Participants and design
The cross-sectional sample consisted of 309 South Australians who were either farmers or the spouses of farmers (collectively referred to as ‘farmers’), ranging in age from 23 to 85 years (M=51.81, SD=11.69). More than one person per farm was able to respond. The sample comprised 107 (34.6%) female and 196 (63.4%) male participants. Most participants were married or living with a partner (89.6%), although 3.2% were separated or divorced, 3.2% widowed and 2.6% never married. Participants predominantly described their farming enterprise as a ‘grain, sheep and/or cattle farm’ (71.5%) or as a ‘sheep and/or cattle property’ (19.4%) and were from the Mid North (28.8%), Eyre Peninsula (23.6%) or the South East (14.2%) regions. All areas of rural South Australia were experiencing ‘exceptional circumstances’ at the time data were collected (to be given this classification, the circumstances must be unexpected, not occur on average more than once every 20-25 years and result in a rare and severe downturn in farm income)45. Participants were recruited through the South Australian Farmers’ Federation (SAFF; the peak farmers’ lobby group in South Australia), personal networks and the rural media (both print and radio) using a convenience sampling method.
Demographic information: Participants were asked about their gender, marital status, age, region, postcode, type of farming enterprise, SAFF membership and how they obtained the survey.
Psychological distress: The Kessler Psychological Distress Scale (K10) was used to assess levels of psychological distress46. The scale is based on 10 questions about the depressive symptoms and anxiety a person has experienced in the 4 weeks prior to completing the test. Responses are recorded on a 5 point scale from 5=All of the time to 1=None of the time. The total score was the sum of all responses and ranged from 10 to 50.
The K10 scale has strong psychometric properties47 and has been found to outperform other well-established measures in terms of its discriminatory power in detecting depressive and anxiety disorders48. It has been used extensively in Australian populations46,49-51 including in rural18 and farming populations25. The reliability coefficient for the K10 scale in this study was Cronbach’s α= .92, indicating good internal consistency and stability. It should be noted that this measure is intended as a screening tool, rather than a diagnostic method, but has been used as a self-report measure to identify the need for mental health treatment and as a routine outcome measure of treatment46.
Stressors: Participants were provided with a definition of ‘stressful’ from the Ways of Coping Questionnaire52 and asked to state, in an open-ended response box, the most stressful situation they had experienced in the past month. Participants were advised the situation may relate to their family, job, friends, or something else important to them and were provided with one farm-related and one non-farm-related example.
Coping: Sixty items from the situational version of the COPE inventory developed by Carver et al27 were used to assess the use of a broad range of behavioural and cognitive strategies in a specific, stressful situation. Participants were asked to recall the stressful situation endured in the last month that they had detailed in the stressors section. Participants were advised they '... may still be involved in the situation, or it could have already happened...', asked to think about the details of this stressful situation, then, while keeping this stressful event in mind, rate the extent to which listed strategies were used in this situation on a 4 point scale from 1=I didn't do this at all to 4=I did this a lot27. Scores for the 15 subscales were calculated by summing the responses for the four questions relating to that subscale. Scores ranged from 4 to 16, with higher scores indicating greater use of a particular strategy.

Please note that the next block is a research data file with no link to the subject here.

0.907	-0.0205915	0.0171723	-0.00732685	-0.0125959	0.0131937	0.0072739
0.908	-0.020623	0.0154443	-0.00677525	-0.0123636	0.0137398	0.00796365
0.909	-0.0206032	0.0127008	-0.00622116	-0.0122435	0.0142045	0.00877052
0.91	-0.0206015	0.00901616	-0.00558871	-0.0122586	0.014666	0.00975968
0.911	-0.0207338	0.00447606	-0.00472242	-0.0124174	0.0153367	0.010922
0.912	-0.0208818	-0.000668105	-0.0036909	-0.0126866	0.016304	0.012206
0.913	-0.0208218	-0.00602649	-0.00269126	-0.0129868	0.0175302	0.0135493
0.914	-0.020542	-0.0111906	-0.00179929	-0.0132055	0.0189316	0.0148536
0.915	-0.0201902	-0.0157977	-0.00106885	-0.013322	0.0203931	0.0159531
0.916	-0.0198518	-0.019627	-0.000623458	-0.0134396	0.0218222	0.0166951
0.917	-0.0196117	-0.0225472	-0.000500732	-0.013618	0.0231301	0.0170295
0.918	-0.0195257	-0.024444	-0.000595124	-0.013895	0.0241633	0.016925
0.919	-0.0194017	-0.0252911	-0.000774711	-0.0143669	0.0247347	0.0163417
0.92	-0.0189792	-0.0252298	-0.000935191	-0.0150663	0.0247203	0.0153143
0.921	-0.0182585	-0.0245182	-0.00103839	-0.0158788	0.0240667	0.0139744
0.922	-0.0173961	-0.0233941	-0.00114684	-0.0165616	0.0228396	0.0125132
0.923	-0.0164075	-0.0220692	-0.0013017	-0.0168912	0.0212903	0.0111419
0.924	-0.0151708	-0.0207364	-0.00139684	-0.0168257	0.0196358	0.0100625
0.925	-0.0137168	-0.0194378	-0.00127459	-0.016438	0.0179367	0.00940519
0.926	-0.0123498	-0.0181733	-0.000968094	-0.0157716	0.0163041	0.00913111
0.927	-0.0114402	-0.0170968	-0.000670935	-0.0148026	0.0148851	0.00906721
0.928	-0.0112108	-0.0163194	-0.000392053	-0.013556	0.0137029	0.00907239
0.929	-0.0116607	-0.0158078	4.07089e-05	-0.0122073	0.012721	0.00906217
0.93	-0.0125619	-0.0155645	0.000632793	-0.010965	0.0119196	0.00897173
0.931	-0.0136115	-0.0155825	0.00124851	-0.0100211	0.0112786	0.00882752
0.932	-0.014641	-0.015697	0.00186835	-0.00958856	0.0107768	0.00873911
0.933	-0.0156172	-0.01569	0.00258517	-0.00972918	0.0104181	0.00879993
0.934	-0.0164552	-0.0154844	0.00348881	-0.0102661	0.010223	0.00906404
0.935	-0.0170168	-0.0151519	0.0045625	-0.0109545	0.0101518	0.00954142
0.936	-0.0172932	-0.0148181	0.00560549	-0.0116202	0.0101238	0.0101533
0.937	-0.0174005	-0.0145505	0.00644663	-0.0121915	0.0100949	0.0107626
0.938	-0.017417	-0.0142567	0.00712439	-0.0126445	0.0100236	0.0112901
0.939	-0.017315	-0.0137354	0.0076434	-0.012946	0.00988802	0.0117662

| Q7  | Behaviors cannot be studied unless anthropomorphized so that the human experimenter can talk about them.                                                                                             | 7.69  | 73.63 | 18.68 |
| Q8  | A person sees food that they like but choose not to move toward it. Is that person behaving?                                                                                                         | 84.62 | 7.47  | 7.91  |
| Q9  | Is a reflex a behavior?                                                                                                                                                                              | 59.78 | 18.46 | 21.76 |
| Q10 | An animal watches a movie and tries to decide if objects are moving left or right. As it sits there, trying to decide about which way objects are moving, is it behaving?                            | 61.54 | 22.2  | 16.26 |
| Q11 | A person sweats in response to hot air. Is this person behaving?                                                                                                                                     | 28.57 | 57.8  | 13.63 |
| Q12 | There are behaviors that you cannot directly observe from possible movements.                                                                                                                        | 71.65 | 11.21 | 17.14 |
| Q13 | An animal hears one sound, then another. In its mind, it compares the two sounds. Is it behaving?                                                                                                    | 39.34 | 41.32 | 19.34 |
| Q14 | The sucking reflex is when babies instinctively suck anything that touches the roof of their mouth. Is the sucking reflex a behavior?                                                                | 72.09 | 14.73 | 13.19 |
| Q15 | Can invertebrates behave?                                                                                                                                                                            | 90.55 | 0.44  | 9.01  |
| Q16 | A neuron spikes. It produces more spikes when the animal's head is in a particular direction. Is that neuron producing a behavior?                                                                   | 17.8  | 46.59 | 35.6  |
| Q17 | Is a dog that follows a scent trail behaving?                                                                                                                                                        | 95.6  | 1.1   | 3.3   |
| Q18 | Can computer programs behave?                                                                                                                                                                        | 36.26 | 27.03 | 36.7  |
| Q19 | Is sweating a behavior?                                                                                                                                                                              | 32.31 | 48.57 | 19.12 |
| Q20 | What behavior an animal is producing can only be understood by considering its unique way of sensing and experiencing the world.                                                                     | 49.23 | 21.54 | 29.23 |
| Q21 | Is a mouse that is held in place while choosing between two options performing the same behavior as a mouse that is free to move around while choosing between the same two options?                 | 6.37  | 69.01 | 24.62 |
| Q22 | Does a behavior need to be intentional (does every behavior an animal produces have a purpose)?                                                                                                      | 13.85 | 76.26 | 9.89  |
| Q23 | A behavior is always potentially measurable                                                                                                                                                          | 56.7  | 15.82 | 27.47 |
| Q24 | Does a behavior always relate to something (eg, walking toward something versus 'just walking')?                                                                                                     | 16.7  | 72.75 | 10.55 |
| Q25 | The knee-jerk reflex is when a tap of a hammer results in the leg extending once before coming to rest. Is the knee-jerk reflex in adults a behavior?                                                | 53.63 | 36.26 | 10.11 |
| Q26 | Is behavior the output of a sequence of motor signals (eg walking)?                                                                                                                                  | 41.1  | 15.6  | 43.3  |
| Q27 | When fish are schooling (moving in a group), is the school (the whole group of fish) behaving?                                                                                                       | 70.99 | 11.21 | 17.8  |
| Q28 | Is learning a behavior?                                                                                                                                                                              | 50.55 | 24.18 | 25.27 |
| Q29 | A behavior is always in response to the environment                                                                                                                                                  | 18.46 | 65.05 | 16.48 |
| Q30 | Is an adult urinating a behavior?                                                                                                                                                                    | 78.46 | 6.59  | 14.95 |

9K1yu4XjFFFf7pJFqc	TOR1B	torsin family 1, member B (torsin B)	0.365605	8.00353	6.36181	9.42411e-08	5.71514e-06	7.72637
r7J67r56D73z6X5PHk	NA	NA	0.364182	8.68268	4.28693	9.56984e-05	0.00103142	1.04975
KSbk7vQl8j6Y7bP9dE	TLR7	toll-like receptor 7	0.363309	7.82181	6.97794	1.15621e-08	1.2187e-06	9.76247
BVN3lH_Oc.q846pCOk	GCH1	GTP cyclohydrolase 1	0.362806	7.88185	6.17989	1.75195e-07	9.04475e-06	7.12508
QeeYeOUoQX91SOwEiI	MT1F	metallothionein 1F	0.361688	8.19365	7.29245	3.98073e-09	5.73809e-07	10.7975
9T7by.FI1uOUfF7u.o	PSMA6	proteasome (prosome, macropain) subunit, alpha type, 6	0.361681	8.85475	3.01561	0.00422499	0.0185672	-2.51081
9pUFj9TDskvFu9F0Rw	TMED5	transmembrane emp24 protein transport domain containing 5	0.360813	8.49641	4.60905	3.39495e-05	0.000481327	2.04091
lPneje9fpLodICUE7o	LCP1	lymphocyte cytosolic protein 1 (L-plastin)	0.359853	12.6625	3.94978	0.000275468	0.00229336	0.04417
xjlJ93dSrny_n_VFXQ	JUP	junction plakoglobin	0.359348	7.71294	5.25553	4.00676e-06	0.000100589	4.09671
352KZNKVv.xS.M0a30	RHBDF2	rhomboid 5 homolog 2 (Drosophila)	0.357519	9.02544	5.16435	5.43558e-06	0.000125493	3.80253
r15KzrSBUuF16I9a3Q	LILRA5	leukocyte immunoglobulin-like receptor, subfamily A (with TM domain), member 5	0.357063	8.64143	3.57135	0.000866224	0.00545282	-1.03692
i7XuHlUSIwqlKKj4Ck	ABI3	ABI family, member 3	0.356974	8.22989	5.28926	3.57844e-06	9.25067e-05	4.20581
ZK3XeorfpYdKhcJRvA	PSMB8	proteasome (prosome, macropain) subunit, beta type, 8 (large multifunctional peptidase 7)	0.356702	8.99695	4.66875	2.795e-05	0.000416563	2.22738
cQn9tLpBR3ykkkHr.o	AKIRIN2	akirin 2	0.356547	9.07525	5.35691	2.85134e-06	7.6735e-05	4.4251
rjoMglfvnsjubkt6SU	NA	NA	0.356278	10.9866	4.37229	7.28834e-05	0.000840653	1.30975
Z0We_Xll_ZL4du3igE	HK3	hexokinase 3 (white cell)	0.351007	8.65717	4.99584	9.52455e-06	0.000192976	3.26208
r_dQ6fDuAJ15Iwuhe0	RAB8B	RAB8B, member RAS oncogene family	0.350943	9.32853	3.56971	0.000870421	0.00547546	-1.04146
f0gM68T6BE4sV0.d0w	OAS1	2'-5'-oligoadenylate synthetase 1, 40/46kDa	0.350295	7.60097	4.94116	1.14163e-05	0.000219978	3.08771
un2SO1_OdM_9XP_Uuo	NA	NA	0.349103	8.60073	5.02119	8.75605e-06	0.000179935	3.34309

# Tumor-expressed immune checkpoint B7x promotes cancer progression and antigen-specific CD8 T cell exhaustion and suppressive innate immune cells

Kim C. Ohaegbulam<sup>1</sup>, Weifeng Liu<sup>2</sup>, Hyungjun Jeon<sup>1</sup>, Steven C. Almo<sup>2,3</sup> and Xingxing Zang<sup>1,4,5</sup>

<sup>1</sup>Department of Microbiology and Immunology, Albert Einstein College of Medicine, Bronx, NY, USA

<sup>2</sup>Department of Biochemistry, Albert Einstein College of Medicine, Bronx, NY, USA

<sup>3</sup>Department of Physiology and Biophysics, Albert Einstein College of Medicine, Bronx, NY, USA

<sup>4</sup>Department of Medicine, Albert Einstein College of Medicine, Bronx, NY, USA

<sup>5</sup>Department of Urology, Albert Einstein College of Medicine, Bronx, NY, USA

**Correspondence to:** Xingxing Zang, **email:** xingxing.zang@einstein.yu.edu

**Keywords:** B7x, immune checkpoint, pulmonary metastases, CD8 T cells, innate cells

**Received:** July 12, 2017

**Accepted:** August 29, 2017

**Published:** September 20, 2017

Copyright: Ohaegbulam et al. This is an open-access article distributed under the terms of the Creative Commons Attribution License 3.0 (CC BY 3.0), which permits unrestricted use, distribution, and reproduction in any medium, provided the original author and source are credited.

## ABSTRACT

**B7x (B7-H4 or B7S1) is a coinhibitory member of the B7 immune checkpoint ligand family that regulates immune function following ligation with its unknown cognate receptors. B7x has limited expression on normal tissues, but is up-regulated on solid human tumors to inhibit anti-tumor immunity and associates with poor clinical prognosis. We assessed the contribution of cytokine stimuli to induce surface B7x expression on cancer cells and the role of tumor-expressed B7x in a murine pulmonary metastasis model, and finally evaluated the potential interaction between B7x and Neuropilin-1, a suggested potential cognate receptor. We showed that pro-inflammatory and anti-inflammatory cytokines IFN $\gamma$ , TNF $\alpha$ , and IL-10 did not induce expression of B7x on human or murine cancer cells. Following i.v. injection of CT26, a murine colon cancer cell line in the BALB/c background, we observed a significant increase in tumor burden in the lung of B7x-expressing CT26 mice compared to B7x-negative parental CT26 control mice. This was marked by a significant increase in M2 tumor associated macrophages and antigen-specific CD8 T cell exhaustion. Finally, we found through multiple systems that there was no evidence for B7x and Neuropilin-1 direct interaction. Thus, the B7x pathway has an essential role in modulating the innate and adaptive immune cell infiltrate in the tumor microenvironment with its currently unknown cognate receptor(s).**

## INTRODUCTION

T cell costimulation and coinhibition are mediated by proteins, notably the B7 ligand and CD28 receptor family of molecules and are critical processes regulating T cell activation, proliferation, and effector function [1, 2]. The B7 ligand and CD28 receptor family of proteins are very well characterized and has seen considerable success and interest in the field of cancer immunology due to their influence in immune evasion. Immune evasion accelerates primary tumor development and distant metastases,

The COPE has good discriminant validity and is not significantly affected by social-desirability bias27. It displays acceptable internal consistency, with Cronbach’s α scores for each subscale reported to exceed .6, with the exception of mental disengagement (Cronbach’s α= .45)27. Although Carver et al only published Cronbach’s α scores for the dispositional version of the COPE, they note internal consistency is generally higher for the situational version of the test27. Cronbach’s α values for each subscale in the current study exceeded .6 with two exceptions; mental disengagement (Cronbach’s α= .40) and active coping (Cronbach’s α= .55).
The measures described above formed a structured, self-report questionnaire available in both printed and online form. Following ethics approval questionnaires were sent to all members of the SAFF by post, fax or email depending on members’ preferred mode of communication with SAFF. The online version of the questionnaire was also advertised in the written rural media, on radio and through personal networks. Data were collected between 28 April and 17 July 2008.
Participants were provided with an information sheet detailing the aims of the study, the anonymity of their responses and informing them of their ability to withdraw from the study at any time. It was made clear that involvement in the study may not be of any direct personal benefit, nor affect their medical advice. Additionally, participants were provided with information on how to obtain assistance if they felt they were not coping. The opportunity to receive feedback on the results of the study was also given. Consent was inferred from the return of the anonymous survey.